Belgian Congo Lesson Plan

Instructor: Christopher Muscato

Chris has a master's degree in history and teaches at the University of Northern Colorado.

With this lesson plan, your students are going to learn about Belgian colonialism in the Congo. They will expand upon this by creating their own political cartoons dealing with these themes.

Learning Objectives

Upon completion of this lesson, students will be able to:

  • Contextualize Belgian imperialism of the Congo within the Scramble for Africa
  • Analyze the impacts of colonialism upon Congo peoples

Length

60-90 minutes

Curriculum Standards

  • CCSS.ELA-LITERACY.RH.11-12.1

Cite specific textual evidence to support analysis of primary and secondary sources, connecting insights gained from specific details to an understanding of the text as a whole.

  • CCSS.ELA-LITERACY.RH.11-12.2

Determine the central ideas or information of a primary or secondary source; provide an accurate summary that makes clear the relationships among the key details and ideas.

  • CCSS.ELA-LITERACY.SL.11-12.1

Initiate and participate effectively in a range of collaborative discussions (one-on-one, in groups, and teacher-led) with diverse partners on grades 11-12 topics, texts, and issues, building on others' ideas and expressing their own clearly and persuasively.

Materials

  • Copies of the quiz
  • Slideshow of political cartoons (optional)
  • Selections of Joseph Conrad's Heart of Darkness

Instructions

  • Start class by reviewing the concept of European colonialism in Africa.
    • What were European powers doing in Africa? What were the objectives of African colonialism? How did Europeans see the people of Africa? How did they treat them?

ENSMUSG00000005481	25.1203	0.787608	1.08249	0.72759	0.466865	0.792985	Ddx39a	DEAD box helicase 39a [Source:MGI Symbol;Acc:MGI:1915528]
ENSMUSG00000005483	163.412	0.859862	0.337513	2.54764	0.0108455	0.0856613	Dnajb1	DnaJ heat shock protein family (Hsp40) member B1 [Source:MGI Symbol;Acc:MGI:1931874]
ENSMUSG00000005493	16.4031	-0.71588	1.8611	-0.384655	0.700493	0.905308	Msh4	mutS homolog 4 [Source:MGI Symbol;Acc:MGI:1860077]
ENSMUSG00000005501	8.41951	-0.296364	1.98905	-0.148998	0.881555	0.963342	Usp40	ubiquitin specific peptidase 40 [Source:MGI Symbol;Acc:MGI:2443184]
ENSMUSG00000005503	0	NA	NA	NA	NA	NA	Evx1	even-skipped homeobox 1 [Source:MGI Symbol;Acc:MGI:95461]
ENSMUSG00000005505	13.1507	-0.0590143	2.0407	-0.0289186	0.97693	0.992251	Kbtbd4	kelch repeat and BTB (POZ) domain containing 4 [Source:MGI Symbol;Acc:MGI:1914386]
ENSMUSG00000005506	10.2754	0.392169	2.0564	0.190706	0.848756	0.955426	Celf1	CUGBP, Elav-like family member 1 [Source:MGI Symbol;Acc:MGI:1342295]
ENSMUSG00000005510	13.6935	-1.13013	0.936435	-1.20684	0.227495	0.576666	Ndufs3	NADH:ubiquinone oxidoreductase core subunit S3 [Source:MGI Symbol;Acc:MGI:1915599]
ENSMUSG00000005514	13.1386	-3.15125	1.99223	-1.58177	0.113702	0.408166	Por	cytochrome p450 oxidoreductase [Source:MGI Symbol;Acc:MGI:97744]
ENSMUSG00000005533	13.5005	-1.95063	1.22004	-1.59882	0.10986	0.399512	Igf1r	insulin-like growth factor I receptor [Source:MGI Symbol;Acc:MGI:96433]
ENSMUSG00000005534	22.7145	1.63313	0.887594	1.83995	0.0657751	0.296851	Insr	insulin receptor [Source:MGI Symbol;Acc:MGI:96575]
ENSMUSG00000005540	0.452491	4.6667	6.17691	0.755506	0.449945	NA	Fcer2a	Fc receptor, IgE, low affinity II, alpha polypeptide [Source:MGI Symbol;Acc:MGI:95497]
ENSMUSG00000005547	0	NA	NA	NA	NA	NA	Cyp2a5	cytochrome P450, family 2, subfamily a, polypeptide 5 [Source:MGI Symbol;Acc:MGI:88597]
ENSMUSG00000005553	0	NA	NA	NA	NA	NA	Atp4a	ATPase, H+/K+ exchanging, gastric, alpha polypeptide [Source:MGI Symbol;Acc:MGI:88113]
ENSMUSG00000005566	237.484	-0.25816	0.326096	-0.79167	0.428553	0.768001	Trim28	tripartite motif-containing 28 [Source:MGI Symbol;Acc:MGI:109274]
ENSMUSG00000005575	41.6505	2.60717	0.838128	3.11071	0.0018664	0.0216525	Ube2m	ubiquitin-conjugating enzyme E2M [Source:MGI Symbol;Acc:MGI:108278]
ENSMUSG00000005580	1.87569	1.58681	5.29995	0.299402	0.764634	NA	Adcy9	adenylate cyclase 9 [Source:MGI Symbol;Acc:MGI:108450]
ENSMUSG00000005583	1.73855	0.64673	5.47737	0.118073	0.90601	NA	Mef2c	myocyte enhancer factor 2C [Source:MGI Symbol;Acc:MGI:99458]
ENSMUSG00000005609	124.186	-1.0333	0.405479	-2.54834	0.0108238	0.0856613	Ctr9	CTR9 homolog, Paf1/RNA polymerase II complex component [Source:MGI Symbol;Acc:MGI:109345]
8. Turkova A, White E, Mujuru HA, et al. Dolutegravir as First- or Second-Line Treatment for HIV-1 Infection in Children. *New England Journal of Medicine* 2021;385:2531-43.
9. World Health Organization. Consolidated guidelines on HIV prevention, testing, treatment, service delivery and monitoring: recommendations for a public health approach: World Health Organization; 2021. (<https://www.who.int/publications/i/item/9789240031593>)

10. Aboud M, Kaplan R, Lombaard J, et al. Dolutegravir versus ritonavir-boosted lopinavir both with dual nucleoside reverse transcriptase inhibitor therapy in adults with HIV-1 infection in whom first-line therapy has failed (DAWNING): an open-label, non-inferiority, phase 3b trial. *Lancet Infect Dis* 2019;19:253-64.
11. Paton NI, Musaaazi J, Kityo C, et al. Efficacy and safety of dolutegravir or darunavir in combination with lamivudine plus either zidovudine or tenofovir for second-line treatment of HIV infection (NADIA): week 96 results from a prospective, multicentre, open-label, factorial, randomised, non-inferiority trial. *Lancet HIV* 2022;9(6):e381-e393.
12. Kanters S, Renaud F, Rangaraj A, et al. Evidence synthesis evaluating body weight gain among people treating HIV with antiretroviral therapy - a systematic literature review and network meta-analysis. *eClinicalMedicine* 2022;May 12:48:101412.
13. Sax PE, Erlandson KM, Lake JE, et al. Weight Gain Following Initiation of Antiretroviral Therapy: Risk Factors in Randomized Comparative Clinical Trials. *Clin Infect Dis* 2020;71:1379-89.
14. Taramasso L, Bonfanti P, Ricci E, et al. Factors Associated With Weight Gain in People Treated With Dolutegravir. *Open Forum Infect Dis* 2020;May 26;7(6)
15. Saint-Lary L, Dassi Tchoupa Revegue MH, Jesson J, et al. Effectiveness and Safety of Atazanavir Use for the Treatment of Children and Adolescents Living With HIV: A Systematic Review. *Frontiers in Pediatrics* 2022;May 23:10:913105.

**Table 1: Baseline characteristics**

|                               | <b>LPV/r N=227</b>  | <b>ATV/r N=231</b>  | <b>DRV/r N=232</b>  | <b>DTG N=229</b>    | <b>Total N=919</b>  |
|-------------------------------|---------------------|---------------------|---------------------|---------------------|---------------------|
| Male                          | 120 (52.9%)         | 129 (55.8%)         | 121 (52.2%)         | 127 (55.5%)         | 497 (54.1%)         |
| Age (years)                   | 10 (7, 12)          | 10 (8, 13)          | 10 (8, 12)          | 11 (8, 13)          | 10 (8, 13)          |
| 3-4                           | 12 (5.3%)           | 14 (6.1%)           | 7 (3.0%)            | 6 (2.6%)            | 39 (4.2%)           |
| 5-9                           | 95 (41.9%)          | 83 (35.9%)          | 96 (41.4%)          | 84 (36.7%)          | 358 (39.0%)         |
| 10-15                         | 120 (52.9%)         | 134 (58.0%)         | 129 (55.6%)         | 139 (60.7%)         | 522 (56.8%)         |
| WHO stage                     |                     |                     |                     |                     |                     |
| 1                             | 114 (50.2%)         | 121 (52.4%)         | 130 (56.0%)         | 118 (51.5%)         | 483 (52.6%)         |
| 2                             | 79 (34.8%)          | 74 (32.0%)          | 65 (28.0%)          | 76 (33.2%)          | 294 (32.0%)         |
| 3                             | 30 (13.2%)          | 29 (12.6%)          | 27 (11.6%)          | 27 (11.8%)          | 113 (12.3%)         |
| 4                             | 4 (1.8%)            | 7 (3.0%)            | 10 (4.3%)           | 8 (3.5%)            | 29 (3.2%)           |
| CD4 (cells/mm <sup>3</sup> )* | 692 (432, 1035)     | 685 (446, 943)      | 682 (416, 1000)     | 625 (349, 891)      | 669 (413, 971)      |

• Begin the video lesson History of the Belgian Congo: Imperialism, Genocide & Atrocities. Pause lesson at 1:32 and discuss this information as a class.
    • What did the Belgian government want with Africa? How did they gain control of the Congo?
    • What say did the people of the Congo have in the Berlin Conference? How do you think they felt about the arrival of the Flemish imperialists?
  • Resume video, and pause at 4:10 to discuss.
    • How did the Flemish government seem to view the people of the Congo? What role did they play in Belgian imperialism? What was their purpose and relationship to the empire?
    • Why do you think people of the Congo tolerated the quota system or joined the force publique? What motivations did they have to be cooperative with the Belgian forces that occupied the region? What motivations did they have to rebel?
    • What does the experience of Congo peoples in this time tell us about the attitudes of late 19th/early 20th-century European colonialism? How do you think Europeans justified this kind of abuse?
  • Resume and complete video. Discuss this information as a class.
    • Leopold II argued moral reasons for colonization of the Congo. What were they? Why didn't this justification seem to work?
    • What role did mass media and communication technologies play in forcing reforms in the Congo? Why do you think public opinion, particularly of foreigners like Americans and the British, mattered to Ferdinand II? How do you think people in the Congo felt about these changes?
  • You may test student understanding with the quiz.
  • Review the answers as a group.

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